Help may be on the way from Agricultural Research Service (ARS) scientists in Argentina and Texas for grape growers in California who are battling the glassy winged sharpshooter.
A parasitic wasp could help growers ward off the glassy winged sharpshooters (GWSS) that have been spreading plant-damaging Xylella fastidiosa bacteria in southern California vineyards since the 1990s. Now sharpshooters have made it to Hawaii and Tahiti. ARS scientists in Weslaco, Texas, have shown that the invasive GWSS in California is from Texas--part of the pest's native habitat.
X. fastidiosa causes a variety of costly plant diseases, including Pierce's disease in grapevines and leaf scorch in oleanders. Grape growers in Riverside and San Diego counties have lost about $38 million due to Pierce's disease.
For over a decade, ARS scientists and researchers at the University of California-Riverside and the California Department of Food and Agriculture have been seeking biocontrol strategies to control the sharpshooter.
At the ARS South American Biological Control Laboratory (SABCL) in Hurlingham, Argentina, researchers have been evaluating wasps that lay their eggs inside GWSS eggs, which are later consumed by the wasp young as they hatch and feed.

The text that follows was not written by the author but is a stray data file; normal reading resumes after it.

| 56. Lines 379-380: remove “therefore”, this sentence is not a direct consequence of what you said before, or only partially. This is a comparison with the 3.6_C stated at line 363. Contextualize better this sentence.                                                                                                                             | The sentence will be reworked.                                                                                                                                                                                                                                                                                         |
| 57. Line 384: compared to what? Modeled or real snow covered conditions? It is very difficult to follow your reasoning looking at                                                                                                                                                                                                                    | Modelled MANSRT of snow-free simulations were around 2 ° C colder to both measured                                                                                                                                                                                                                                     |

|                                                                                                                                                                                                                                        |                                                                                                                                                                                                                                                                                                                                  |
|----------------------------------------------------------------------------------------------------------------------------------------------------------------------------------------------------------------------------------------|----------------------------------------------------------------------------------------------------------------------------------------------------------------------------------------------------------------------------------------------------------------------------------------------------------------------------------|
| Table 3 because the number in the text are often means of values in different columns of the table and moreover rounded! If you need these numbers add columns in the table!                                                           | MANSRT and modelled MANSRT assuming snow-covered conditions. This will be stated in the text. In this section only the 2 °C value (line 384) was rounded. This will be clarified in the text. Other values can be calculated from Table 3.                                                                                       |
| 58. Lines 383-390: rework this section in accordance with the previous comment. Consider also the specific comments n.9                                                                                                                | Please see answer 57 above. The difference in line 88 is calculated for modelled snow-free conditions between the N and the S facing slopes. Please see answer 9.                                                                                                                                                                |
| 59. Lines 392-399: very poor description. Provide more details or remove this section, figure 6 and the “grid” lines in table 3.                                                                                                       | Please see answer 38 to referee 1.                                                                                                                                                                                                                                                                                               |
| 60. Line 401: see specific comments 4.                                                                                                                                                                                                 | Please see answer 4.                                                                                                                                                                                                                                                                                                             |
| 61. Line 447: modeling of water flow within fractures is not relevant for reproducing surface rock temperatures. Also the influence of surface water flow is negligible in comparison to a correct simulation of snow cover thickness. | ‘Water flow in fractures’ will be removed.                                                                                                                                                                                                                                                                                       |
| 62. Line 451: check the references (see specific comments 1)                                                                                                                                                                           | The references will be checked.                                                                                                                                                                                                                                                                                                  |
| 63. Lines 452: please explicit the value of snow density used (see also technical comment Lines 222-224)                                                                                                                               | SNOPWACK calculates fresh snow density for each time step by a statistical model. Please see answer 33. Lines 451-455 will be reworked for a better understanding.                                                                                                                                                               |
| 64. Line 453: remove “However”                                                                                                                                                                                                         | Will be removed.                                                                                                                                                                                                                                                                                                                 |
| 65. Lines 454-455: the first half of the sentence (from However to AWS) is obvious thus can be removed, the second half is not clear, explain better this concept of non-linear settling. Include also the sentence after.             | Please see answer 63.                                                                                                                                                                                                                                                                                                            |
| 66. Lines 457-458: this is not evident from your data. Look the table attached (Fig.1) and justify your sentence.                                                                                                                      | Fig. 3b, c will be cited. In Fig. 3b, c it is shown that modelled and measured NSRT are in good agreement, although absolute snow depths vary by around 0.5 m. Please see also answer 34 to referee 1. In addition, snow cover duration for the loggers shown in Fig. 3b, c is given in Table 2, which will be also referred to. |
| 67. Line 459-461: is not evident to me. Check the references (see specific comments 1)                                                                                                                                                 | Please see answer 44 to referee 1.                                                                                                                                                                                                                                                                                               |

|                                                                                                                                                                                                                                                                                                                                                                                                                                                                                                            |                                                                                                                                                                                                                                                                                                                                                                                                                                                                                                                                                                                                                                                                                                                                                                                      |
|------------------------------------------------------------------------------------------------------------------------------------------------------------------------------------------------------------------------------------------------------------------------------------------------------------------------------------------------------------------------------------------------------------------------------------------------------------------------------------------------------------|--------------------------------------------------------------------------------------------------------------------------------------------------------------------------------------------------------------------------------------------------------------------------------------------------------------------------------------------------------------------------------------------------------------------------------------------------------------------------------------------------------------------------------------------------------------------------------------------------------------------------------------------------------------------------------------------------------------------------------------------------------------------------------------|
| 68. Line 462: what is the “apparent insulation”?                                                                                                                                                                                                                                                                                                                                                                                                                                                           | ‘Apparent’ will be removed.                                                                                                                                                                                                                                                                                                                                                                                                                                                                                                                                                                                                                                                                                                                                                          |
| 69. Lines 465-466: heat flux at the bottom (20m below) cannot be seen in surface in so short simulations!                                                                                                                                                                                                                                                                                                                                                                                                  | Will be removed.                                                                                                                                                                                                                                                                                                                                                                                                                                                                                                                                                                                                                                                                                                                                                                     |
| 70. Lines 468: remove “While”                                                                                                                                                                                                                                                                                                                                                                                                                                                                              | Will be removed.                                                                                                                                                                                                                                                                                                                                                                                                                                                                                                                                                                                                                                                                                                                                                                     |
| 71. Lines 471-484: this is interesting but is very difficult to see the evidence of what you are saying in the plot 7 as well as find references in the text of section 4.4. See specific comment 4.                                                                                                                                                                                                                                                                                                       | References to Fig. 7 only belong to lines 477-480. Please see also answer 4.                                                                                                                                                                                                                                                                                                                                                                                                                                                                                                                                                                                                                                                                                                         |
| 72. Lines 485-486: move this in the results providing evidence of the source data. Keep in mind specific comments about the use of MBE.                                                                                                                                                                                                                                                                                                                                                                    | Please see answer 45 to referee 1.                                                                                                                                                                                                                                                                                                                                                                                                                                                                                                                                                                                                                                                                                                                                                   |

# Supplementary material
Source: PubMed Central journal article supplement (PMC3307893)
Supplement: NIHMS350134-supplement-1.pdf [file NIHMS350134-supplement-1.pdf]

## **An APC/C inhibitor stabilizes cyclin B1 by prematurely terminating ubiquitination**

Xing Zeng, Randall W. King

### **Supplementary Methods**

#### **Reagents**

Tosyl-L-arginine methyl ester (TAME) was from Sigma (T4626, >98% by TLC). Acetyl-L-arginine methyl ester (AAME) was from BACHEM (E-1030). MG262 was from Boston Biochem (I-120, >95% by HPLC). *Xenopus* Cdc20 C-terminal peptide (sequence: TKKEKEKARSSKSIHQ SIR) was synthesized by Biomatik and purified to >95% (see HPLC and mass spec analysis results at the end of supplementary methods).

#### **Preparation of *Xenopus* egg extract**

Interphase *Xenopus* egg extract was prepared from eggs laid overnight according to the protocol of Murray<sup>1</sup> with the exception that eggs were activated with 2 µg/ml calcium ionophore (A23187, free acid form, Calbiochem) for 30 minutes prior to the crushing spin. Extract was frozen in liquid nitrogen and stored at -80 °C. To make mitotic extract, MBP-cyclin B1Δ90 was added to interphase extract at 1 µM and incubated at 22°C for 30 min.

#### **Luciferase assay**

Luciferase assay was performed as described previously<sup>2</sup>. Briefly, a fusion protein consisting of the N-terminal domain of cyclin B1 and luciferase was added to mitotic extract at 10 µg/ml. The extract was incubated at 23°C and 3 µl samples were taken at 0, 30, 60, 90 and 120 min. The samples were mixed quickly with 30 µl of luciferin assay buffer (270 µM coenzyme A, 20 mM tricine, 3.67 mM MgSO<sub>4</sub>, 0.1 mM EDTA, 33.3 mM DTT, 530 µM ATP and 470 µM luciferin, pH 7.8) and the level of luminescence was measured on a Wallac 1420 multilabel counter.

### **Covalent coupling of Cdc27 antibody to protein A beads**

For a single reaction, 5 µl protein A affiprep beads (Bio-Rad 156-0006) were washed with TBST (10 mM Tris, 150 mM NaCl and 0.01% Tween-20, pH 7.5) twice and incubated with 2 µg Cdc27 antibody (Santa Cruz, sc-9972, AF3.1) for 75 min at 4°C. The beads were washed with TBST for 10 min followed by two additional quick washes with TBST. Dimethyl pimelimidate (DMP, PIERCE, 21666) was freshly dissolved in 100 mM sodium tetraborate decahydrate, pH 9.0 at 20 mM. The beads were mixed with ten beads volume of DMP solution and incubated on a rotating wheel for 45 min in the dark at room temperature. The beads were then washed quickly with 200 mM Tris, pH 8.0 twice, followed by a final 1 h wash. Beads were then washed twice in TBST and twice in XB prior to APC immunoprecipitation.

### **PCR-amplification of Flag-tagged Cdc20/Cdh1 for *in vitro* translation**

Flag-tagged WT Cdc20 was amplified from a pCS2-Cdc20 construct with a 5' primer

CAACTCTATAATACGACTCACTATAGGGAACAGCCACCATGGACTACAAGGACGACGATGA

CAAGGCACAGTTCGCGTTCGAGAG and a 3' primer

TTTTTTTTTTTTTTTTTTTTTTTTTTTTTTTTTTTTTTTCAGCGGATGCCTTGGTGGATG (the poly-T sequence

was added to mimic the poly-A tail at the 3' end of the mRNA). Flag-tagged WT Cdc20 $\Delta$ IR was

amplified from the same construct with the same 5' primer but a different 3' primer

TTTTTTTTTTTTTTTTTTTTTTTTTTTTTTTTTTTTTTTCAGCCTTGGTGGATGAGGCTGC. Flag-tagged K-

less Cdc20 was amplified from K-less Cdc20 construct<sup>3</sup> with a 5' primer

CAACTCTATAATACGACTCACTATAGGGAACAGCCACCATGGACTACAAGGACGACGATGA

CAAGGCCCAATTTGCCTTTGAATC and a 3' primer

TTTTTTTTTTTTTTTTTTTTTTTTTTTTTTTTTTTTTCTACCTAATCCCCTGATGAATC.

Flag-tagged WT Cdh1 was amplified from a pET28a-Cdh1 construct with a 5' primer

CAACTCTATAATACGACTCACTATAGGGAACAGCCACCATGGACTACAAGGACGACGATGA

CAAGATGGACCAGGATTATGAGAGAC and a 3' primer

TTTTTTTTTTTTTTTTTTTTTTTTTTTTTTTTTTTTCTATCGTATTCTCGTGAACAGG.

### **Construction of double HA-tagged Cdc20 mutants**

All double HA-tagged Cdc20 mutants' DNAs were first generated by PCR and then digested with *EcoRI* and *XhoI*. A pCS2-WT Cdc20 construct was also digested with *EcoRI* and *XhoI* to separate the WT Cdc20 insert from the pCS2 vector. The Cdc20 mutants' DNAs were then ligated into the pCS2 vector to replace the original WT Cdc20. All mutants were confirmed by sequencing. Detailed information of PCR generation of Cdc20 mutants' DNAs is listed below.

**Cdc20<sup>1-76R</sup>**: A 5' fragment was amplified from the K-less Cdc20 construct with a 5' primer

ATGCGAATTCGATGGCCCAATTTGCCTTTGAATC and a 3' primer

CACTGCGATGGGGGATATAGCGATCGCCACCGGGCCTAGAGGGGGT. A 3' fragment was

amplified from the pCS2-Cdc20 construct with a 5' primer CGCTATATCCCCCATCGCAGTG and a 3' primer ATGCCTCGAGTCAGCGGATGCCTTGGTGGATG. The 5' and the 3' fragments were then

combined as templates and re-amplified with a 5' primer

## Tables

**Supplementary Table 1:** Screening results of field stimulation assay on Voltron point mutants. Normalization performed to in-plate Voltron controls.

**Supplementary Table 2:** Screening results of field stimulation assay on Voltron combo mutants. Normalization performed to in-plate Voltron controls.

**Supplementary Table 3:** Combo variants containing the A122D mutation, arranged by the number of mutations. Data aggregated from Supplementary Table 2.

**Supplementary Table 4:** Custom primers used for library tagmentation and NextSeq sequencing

The primary candidate for this form of biological control is currently Gonatocerus tuberculifemur from South America. G. tuberculifemur is being tested at both the SABCL and the Beneficial Insects Research Unit in Weslaco, but the wasp has not yet been released.
Researchers in Weslaco are also searching for nymphal parasitoids in their native range in Texas. To date, all the biological control Gonatocerus species agents are egg parasitoids.
This and other ARS sharpshooter-related research is being highlighted in the current issue of California Agriculture magazine.
ARS is the U.S. Department of Agriculture's chief scientific research agency.